Talbot made his negatives and prints on commercially available writing and drawing paper and fortunately for us at the time he was working most of these papers were watermarked, often including the year of manufacture. He typically cut a sheet of paper in quarters and typically avoided using the watermarked section(s) for negatives, reserving these for prints where the effect would not be pronounced. So there is about a one in four chance that any particular print will have at least a partial watermark. The most common is Whatman’s paper, often from their Turkey Mill, with a spread of other manufacturers when Henry found a paper to his liking. The above ram(?) is fairly common but does not identify the mill. Any thoughts on this?
• Comments or suggestions? Please contact Prof Schaaf directly at email@example.com. Nicolaas Henneman, Westminster Abbey, same as plate 22 in The Pencil of Nature, Canadian Centre for Architecture, Schaaf 2114.
A Calvert Jones Mystery
This harbour scene is typical of the subject matter and style of the Rev Calvert R Jones and I am confident ascribing it to him. It is on the type of mount used by Nicolaas Henneman’s establishment at Reading and carries a Patent Talbotype stamp on verso. But where was it taken? And ideally, about when? The signs indicate a location outside Britain. Our Boulogne contributor Bruno Haffreingue says it is not of his city but suggests that it might be somewhere in Italy.
• Comments or suggestions? Please contact Prof Schaaf directly at firstname.lastname@example.org • Calvert R Jones, Harbour Scene, Canadian Centre for Architecture, PH1982-420, Schaaf 3095.
A Harold White Mystery
A full copy of Sun Pictures in Scotland was part of Harold White’s collection. Whereas virtually all the plates in the copies of this publication are more or less faded, this was an unusually strong copy and was purchased by the Canadian Centre for Architecture. They bought it knowing that White had assembled it from genuine components, presumably mostly from Lacock Abbey, and had intensified some of the prints (very carefully labelled by him in indelible ink). But in examining this volume last week I was puzzled by something that was apparently overlooked at the time.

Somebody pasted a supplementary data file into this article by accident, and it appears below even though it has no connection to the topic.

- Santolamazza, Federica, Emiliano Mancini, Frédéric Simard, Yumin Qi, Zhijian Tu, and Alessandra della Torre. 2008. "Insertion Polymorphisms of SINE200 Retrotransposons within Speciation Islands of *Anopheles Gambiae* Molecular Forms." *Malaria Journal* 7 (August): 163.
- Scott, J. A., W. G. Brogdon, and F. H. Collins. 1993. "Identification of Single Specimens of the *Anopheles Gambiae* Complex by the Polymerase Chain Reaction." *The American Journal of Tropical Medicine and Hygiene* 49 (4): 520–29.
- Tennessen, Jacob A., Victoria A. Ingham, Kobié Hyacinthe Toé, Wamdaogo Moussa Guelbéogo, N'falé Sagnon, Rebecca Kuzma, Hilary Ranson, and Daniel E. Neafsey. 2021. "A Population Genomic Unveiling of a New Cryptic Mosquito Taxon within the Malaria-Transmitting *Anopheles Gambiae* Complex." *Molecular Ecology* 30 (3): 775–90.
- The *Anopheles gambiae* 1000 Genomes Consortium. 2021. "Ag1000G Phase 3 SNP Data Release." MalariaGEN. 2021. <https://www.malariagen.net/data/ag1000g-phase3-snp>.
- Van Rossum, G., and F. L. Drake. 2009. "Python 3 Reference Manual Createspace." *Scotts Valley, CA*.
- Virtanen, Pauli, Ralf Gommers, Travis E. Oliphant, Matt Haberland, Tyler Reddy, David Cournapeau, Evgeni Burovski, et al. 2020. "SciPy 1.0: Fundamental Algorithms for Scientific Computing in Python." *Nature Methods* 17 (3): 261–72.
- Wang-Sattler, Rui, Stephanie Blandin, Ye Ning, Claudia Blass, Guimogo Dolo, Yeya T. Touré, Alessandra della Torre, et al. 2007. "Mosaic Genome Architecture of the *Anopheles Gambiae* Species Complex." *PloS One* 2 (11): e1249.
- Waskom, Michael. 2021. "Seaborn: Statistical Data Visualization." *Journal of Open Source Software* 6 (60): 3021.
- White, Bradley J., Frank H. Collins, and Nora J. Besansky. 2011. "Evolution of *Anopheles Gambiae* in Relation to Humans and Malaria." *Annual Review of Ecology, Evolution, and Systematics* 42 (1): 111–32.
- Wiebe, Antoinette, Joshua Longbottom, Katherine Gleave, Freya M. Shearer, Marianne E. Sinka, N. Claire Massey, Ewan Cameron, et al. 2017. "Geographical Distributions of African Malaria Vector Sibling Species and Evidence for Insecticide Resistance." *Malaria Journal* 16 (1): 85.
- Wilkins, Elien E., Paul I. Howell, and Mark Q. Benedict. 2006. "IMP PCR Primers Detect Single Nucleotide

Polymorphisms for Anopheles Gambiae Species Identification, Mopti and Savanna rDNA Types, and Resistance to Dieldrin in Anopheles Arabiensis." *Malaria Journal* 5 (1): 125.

The first plate carries a date stamped in ink, typical of those used in government and other bureaucratic organisations. The year 1941 was long before Harold visited Lacock Abbey for the first time and Matilda Talbot certainly didn’t mark anything this way. Was this a loose plate that Harold purchased that had been deaccessioned from some other source? In the early 1940s, numerous large country houses were being taken over for use in the war effort and sometimes their contents were evacuated and distributed on an emergency basis. The most common stamp on these sort of papers was that of the British Records Association, who fought valiantly to preserve important documents from the scrap paper drives. Was this mounted plate from a country house library? Was it from an official government depository or commercial archive trying to clear space under wartime conditions? The 6th of April was a Sunday in 1941, adding to the mystery although perhaps not so unusual during a war. I’ve never seen another Sun Pictures in Scotland plate so stamped but perhaps one of our readers has. Just what does this date stamp mean?
• Comments or suggestions? Please contact Prof Schaaf directly at email@example.com • WHFT, Sun Pictures in Scotland, inscription and plate one, Canadian Centre for Architecture, PH1980:908:01, Schaaf 2785.
Bacchus & Co
The Greek Bacchus, or the Roman Dionysus, the god of wine and general madness, seems readily identifiable on the right. But who has Talbot mated him with? And where are/were these marble-pedestalled busts? Not likely at Lacock Abbey. Perhaps at his cousin Kit’s Margam Castle? Or were they Great Exhibition pieces photographed by Henneman?
• Comments or suggestions? Please contact Prof Schaaf directly at firstname.lastname@example.org • WHFT or Nicolaas Henneman, Bacchus and a Friend (digitally enhanced for clarity), National Science and Media Museum, Bradford, 1937-4331, Schaaf 2003.
Solved! by two contributors
Rev Calvert R Jones, Harbour at Low Tide, salt print from a calotype negative, ca 1845-1852. (Schaaf 4140)
Contributor David Lowell responded: “This is almost certainly Boulogne looking north. The difficulty for me is getting proof because the area was largely flattened in World War II – perhaps others will come forward to agree or disagree with some evidence.” Subsequently, Bruno Haffreingue sent “Greetings from Boulogne-sur-Mer. This is the left side of a panoramic view (made of two parts) of the Boulogne-sur-Mer harbour. On this side we can recognize the first casino of the city built in 1825. The right side of the view the Saint-Pierre church at the top of the cliff is well recognizable.” And sure enough, that is the cas
Schaaf 4064 / Schaaf 4140 (enhanced for balance and clarity).
• Comments or suggestions? Please contact Prof Schaaf directly at email@example.com • Attributed to Calvert Jones, Panorama of the Harbour of Boulogne-sur-Mer; left Ph113-1983, Schaaf 4064; right, Ph99-1983, Schaaf 4140; Victoria & Albert Museum.